As Hawai‘i’s human population grew and the need for resources increased, the importance of managing those resources wisely became ever more apparent—and that, says Dr. Sam Gon of The Nature Conservancy, is what drove the kapu system.
“Human beings, especially those that are paying attention to the resources, would enter into a phase in which if a resource is becoming more rare. Essentially the kapu system existed in order to put restrictions on behavior until those resources were able to rebound.”
The kapu system codified human conduct in the environment. It controlled how and when and where people could access and harvest resources. It was the konohiki who imposed the kapu—they understood the ‘āina and knew the resources best, and they made sure that the inherent balance of the natural world was preserved.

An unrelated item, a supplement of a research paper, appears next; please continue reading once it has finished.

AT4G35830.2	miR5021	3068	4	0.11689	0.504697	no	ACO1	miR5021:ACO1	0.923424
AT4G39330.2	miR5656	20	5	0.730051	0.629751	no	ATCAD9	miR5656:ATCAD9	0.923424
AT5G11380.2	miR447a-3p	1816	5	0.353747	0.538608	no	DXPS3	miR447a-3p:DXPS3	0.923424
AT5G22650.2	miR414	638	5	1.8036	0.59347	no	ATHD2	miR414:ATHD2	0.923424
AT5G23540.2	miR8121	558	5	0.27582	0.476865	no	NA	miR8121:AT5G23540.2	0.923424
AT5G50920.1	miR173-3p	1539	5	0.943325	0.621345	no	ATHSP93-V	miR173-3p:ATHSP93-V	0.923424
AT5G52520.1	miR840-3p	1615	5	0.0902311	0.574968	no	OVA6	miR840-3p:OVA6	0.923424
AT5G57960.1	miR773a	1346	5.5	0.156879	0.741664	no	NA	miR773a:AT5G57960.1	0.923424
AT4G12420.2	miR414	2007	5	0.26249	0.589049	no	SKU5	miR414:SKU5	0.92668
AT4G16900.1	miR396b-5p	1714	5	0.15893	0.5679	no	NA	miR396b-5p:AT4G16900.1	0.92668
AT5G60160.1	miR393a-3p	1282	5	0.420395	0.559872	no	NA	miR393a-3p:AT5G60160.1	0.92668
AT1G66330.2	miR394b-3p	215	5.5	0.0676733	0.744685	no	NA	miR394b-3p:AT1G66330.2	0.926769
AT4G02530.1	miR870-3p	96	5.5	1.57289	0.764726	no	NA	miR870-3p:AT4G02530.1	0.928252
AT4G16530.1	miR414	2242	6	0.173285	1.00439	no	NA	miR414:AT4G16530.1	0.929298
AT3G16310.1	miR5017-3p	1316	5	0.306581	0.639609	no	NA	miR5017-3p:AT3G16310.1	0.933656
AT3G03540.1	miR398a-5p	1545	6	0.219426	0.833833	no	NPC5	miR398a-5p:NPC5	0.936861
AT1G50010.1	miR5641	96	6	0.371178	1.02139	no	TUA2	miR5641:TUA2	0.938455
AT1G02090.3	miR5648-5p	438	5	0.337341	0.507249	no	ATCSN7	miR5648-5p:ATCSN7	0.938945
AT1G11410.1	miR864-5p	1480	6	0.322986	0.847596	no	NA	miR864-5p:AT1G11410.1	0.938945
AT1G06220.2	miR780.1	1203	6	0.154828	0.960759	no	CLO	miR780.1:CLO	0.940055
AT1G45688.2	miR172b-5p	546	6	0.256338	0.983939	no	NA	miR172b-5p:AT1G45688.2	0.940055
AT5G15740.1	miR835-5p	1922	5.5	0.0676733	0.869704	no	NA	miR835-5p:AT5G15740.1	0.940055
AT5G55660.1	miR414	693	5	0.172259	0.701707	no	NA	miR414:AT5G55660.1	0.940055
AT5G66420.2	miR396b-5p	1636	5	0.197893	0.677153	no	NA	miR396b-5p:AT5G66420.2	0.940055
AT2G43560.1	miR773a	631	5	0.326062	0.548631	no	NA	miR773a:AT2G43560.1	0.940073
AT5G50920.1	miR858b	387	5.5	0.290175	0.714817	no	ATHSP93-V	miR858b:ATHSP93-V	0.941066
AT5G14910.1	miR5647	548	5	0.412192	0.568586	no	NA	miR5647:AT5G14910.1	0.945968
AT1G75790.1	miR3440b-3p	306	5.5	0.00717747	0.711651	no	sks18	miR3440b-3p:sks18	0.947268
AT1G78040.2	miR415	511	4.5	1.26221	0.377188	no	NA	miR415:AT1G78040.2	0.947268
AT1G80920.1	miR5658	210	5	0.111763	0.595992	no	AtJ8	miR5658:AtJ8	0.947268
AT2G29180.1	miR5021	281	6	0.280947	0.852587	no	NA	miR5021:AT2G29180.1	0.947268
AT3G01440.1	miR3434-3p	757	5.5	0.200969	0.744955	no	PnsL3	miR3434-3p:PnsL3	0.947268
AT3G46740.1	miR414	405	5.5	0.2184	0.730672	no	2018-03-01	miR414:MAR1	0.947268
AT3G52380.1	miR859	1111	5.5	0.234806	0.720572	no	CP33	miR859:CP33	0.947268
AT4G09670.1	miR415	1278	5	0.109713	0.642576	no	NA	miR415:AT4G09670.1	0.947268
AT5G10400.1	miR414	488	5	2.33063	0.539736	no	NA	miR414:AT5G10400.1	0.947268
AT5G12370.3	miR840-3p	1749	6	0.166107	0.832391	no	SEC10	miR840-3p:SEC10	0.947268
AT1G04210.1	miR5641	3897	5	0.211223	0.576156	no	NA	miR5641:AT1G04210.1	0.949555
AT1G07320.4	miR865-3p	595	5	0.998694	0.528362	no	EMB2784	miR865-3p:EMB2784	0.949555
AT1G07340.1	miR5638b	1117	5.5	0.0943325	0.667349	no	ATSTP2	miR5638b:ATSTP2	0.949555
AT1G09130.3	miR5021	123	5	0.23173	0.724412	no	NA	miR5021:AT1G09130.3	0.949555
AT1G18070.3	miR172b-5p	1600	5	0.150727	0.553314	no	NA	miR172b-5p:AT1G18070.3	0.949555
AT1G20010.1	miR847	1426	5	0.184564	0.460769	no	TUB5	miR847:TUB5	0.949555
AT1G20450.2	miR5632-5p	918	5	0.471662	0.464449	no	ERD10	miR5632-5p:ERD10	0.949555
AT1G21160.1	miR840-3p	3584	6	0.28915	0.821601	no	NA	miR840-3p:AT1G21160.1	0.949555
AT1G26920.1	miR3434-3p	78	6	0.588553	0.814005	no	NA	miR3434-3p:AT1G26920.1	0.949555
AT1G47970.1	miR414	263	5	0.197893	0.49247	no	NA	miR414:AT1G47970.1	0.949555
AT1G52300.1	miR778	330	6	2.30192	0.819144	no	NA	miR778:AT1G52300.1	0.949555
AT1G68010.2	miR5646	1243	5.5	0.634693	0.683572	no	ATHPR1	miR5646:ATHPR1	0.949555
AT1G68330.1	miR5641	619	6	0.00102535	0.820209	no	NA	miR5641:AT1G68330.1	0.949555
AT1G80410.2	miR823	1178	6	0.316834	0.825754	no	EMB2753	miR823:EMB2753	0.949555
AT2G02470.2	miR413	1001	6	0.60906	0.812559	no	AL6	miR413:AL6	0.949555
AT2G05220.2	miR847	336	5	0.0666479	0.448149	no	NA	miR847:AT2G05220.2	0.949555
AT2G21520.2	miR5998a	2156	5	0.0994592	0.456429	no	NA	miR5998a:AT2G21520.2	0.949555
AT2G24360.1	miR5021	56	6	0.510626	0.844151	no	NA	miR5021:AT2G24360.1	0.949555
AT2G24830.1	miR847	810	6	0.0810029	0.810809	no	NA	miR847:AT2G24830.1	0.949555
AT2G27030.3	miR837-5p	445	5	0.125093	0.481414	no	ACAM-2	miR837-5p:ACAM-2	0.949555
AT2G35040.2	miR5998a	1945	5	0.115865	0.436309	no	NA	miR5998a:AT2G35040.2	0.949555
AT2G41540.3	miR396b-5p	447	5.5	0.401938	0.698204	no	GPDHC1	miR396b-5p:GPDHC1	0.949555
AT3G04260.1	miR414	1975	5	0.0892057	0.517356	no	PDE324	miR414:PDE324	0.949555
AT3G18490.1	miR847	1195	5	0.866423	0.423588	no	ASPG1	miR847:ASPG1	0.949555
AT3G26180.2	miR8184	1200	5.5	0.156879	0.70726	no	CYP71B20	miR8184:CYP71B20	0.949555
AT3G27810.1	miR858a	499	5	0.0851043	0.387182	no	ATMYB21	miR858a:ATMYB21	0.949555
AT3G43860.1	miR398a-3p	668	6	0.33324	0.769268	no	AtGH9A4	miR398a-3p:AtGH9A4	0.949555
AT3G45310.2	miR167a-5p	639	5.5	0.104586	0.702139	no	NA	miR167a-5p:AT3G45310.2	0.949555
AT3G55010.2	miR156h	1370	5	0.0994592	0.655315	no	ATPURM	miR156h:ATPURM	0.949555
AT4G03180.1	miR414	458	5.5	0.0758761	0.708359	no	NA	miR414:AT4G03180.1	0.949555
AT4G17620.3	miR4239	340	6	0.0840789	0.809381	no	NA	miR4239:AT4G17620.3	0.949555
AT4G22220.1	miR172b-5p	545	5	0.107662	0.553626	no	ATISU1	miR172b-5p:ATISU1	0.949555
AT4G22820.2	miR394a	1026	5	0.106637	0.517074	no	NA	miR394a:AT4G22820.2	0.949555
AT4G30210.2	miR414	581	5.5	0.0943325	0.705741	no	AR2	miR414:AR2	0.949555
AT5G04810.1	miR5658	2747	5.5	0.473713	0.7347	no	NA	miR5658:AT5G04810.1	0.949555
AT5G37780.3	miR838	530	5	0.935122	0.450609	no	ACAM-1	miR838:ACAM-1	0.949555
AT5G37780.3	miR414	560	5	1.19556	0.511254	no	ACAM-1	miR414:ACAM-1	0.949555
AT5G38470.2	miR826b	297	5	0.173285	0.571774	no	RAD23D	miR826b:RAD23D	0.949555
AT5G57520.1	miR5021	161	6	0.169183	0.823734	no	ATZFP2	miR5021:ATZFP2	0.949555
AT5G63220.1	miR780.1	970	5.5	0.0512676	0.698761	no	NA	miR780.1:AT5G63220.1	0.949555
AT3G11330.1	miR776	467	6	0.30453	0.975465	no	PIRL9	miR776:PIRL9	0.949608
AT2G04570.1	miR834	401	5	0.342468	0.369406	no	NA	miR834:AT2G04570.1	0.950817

“When you think about it, the kapu system was a resource management system. In fisheries, for example, the Hawaiian fishing system had seasonal kapu, they had monthly kapu. If you look at the lunar calendar even today they speak of the ‘ole nights in which you cannot go out to fish, or at least traditionally you were not supposed to. And the ‘ole nights actually amount to about one third of every month which means for thirty percent of every month every year throughout the generations the resources were allowed to rest, which is an amazing thing.”